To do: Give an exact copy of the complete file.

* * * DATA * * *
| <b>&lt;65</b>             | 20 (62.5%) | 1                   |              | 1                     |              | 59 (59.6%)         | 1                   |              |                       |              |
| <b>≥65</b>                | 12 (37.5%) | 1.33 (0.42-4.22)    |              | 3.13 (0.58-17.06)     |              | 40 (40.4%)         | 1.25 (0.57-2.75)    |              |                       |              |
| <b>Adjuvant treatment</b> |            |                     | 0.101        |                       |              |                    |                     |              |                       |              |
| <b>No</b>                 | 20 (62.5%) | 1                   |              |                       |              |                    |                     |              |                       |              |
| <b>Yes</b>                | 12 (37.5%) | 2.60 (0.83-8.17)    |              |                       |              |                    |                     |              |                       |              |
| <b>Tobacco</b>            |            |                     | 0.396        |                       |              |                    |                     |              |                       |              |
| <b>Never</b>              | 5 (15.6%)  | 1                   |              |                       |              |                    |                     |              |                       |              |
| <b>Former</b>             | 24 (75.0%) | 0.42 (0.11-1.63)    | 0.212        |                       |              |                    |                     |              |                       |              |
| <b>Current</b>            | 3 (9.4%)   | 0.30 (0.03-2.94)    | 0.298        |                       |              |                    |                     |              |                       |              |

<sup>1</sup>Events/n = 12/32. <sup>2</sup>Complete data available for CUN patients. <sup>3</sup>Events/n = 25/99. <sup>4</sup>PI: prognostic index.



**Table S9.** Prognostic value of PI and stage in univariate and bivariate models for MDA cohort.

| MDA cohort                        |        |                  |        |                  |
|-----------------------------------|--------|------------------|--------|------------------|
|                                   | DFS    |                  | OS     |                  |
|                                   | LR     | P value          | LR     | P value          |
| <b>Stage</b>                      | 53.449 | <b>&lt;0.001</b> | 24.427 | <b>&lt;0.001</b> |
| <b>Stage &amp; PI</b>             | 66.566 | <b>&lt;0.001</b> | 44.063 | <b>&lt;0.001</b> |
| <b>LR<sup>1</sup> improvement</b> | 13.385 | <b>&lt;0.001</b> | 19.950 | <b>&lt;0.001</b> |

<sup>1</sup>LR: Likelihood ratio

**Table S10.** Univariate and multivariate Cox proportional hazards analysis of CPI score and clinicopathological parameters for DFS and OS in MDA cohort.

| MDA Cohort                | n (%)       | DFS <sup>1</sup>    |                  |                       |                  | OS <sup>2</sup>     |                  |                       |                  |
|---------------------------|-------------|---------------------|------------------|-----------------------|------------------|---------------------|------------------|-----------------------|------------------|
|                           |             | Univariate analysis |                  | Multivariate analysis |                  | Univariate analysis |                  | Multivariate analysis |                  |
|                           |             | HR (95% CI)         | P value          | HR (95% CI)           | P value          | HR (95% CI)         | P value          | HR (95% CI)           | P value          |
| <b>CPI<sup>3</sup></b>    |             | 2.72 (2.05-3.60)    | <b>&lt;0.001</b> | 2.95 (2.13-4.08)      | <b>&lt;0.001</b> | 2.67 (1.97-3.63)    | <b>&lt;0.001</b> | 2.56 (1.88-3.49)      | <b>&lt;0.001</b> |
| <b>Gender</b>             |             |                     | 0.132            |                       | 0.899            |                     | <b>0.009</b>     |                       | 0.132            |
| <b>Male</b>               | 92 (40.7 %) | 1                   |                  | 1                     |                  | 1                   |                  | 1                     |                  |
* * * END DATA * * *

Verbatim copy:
| <b>&lt;65</b>             | 20 (62.5%) | 1                   |              | 1                     |              | 59 (59.6%)         | 1                   |              |                       |              |
| <b>≥65</b>                | 12 (37.5%) | 1.33 (0.42-4.22)    |              | 3.13 (0.58-17.06)     |              | 40 (40.4%)         | 1.25 (0.57-2.75)    |              |                       |              |
| <b>Adjuvant treatment</b> |            |                     | 0.101        |                       |              |                    |                     |              |                       |              |
| <b>No</b>                 | 20 (62.5%) | 1                   |              |                       |              |                    |                     |              |                       |              |
| <b>Yes</b>                | 12 (37.5%) | 2.60 (0.83-8.17)    |              |                       |              |                    |                     |              |                       |              |
| <b>Tobacco</b>            |            |                     | 0.396        |                       |              |                    |                     |              |                       |              |
| <b>Never</b>              | 5 (15.6%)  | 1                   |              |                       |              |                    |                     |              |                       |              |
| <b>Former</b>             | 24 (75.0%) | 0.42 (0.11-1.63)    | 0.212        |                       |              |                    |                     |              |                       |              |
| <b>Current</b>            | 3 (9.4%)   | 0.30 (0.03-2.94)    | 0.298        |                       |              |                    |                     |              |                       |              |

<sup>1</sup>Events/n = 12/32. <sup>2</sup>Complete data available for CUN patients. <sup>3</sup>Events/n = 25/99. <sup>4</sup>PI: prognostic index.



**Table S9.** Prognostic value of PI and stage in univariate and bivariate models for MDA cohort.

| MDA cohort                        |        |                  |        |                  |
|-----------------------------------|--------|------------------|--------|------------------|
|                                   | DFS    |                  | OS     |                  |
|                                   | LR     | P value          | LR     | P value          |
| <b>Stage</b>                      | 53.449 | <b>&lt;0.001</b> | 24.427 | <b>&lt;0.001</b> |
| <b>Stage &amp; PI</b>             | 66.566 | <b>&lt;0.001</b> | 44.063 | <b>&lt;0.001</b> |
| <b>LR<sup>1</sup> improvement</b> | 13.385 | <b>&lt;0.001</b> | 19.950 | <b>&lt;0.001</b> |

<sup>1</sup>LR: Likelihood ratio

**Table S10.** Univariate and multivariate Cox proportional hazards analysis of CPI score and clinicopathological parameters for DFS and OS in MDA cohort.

| MDA Cohort                | n (%)       | DFS <sup>1</sup>    |                  |                       |                  | OS <sup>2</sup>     |                  |                       |                  |
|---------------------------|-------------|---------------------|------------------|-----------------------|------------------|---------------------|------------------|-----------------------|------------------|
|                           |             | Univariate analysis |                  | Multivariate analysis |                  | Univariate analysis |                  | Multivariate analysis |                  |
|                           |             | HR (95% CI)         | P value          | HR (95% CI)           | P value          | HR (95% CI)         | P value          | HR (95% CI)           | P value          |
| <b>CPI<sup>3</sup></b>    |             | 2.72 (2.05-3.60)    | <b>&lt;0.001</b> | 2.95 (2.13-4.08)      | <b>&lt;0.001</b> | 2.67 (1.97-3.63)    | <b>&lt;0.001</b> | 2.56 (1.88-3.49)      | <b>&lt;0.001</b> |
| <b>Gender</b>             |             |                     | 0.132            |                       | 0.899            |                     | <b>0.009</b>     |                       | 0.132            |
| <b>Male</b>               | 92 (40.7 %) | 1                   |                  | 1                     |                  | 1                   |                  | 1                     |                  |